Curry played better than he had since Game 2 — so did Draymond Green, who had some offensive struggles but played the defense we know. The Warriors also got 27 points from Klay Thompson, and 15 points plus a lot great play in the paint from Andrew Bogut allowing the Warriors to stay with bigger lineups. Also, with Golden State attacking the rim, they got to the free throw line 34 times.

The result of all of it was a 120-111 Golden State win at home in Game 5, making the series 3-2.

Now the biggest test of the season comes for the Warriors — they will need to play better than this Saturday on the road in Oklahoma City to force a Game 7.

“We played with great energy, we played with great desperation, that’s the way you have to play in the playoffs,” Kerr said. “We were out of sorts the last two games, and we looked more like ourselves.”

The best way to describe Curry’s night was “good enough.” Credit to him attacking when his threes were not falling, look at his shot chart on the night.

Curry Game 5 shot chart

The Warriors also took the Thunder out of what had been successful for them the past couple games — OKC had just 15 fast break points (compared to 28 for the Warriors), the Warriors were +18 on points in the paint, and the Warriors outrebounded the Thunder on the night. The Warriors didn’t overthink thier defense on the Thunder in this one, they just did a better job of executing switches and, thanks to Bogut, taking away easy buckets inside.

Russell Westbrook and OKC struggled out of the gate — as a team, they shot 8-of-28 in the first quarter and at one point Westbrook missed 10 shots in a row. The Warriors were not hot with their typical shots — 2-of-10 from three — but they were getting to the rim and finishing better inside, which got them a lead in a game where Oracle Arena is rocking.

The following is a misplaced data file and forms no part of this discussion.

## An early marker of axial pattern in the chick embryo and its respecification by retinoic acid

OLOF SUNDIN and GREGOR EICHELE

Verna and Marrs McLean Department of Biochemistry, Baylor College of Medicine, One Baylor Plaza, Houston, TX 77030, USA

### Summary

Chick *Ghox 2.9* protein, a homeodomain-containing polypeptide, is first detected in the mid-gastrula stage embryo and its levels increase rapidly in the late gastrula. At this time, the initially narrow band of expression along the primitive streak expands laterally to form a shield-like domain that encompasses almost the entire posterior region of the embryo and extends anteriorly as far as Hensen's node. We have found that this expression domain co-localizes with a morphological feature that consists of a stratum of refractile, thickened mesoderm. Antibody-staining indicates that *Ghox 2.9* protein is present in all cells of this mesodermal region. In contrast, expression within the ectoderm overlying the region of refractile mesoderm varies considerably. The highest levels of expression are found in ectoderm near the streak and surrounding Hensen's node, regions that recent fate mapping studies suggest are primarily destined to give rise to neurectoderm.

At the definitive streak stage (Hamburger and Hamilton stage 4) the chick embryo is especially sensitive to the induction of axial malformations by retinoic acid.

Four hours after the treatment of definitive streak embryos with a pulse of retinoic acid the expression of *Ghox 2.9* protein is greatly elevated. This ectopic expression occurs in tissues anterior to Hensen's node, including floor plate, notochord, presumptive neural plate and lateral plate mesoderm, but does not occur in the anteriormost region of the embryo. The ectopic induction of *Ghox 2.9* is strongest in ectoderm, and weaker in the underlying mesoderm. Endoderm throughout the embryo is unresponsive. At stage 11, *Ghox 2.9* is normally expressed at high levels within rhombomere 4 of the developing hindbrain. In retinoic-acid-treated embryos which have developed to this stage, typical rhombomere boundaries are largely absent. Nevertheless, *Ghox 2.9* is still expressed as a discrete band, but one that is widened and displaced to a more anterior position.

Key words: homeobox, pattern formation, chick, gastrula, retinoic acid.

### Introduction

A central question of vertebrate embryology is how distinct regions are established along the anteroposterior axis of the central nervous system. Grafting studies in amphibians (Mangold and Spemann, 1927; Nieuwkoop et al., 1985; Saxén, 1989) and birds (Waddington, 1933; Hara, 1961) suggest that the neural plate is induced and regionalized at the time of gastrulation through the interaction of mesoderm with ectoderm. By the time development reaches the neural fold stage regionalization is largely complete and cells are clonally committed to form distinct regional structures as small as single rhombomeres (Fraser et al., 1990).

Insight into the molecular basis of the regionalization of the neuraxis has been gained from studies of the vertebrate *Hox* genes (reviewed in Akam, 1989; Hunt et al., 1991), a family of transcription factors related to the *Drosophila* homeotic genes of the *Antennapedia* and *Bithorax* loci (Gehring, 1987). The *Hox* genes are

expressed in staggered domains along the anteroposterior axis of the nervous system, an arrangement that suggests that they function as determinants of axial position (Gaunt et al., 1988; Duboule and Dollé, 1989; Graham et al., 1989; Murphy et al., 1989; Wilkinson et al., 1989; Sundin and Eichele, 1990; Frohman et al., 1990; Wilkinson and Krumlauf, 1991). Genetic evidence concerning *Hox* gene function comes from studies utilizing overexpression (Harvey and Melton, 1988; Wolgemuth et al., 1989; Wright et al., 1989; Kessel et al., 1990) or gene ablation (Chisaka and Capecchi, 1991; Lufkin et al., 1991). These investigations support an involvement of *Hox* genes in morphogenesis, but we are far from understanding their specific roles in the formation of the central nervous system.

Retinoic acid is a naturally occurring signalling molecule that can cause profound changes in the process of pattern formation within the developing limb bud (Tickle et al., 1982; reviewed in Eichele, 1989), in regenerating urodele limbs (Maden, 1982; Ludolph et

Steve Kerr did not dramatically change what had worked so well for Golden State all season, counting on his team to just be better — and it was, they outscored the Thunder small-ball lineup 20-15 in the first half (after being destroyed by it in the previous two games). The Thunder hung around in the second thanks to mid-range jumpers (5-of-7 in the second, plus 3-of-5 from three). But the Thunder did not get the same lift from their stars, Kevin Durant had 15 first half points on 15 shots, Westbrook had 13 on 14 shots (but still had six assists). Golden State led 58-50 at the half.

The Thunder opened the second half on a 9-2 run and things yo-yoed between tied and a small Warrior lead for much of the second half, until the Golden State’s bench pushed the lead into double digits again late in the third and early in the fourth. That lead held until the six-minute mark in the fourth quarter, when the Thunder went on an 8-0 run fueled by some sloppy Warriors turnovers.

But the Warriors showed more poise than they have in the past few games, holding on for the win, making plays at the end when they needed to.

Now, can they do that and better on the road?

Draymond Green banks in shot from logo after whistle (video)

OAKLAND, CA - MAY 26:  Draymond Green #23 of the Golden State Warriors warms up prior to Game Five of the Western Conference Finals against the Oklahoma City Thunder during the 2016 NBA Playoffs at ORACLE Arena on May 26, 2016 in Oakland, California.  (Photo by Thearon W. Henderson/Getty Images)
Thearon W. Henderson/Getty Images
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Draymond Green missed both his 3-pointers prior, but he made this.

Unfortunately for the Warriors, it didn’t count because it came after a whistle (that few heard over the loud Golden State fans).

Stephen Curry sunk a 3-pointer later in the possession. That one counted.

Report: Khloe Kardashian files for divorce from Lamar Odom

Khloe Kardashian Odom, Lamar Odom
AP Photo/Evan Agostini
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1. Khloe Kardashian filed for divorce from Lamar Odom.

2. With Odom facing health problems after a drug overdose, they rescinded the filing.

3. Odom reportedly continued drinking, frustrating Kardashian.

Associated Press:

Court records in Los Angeles show Kardashian filed for divorce Thursday, citing irreconcilable differences.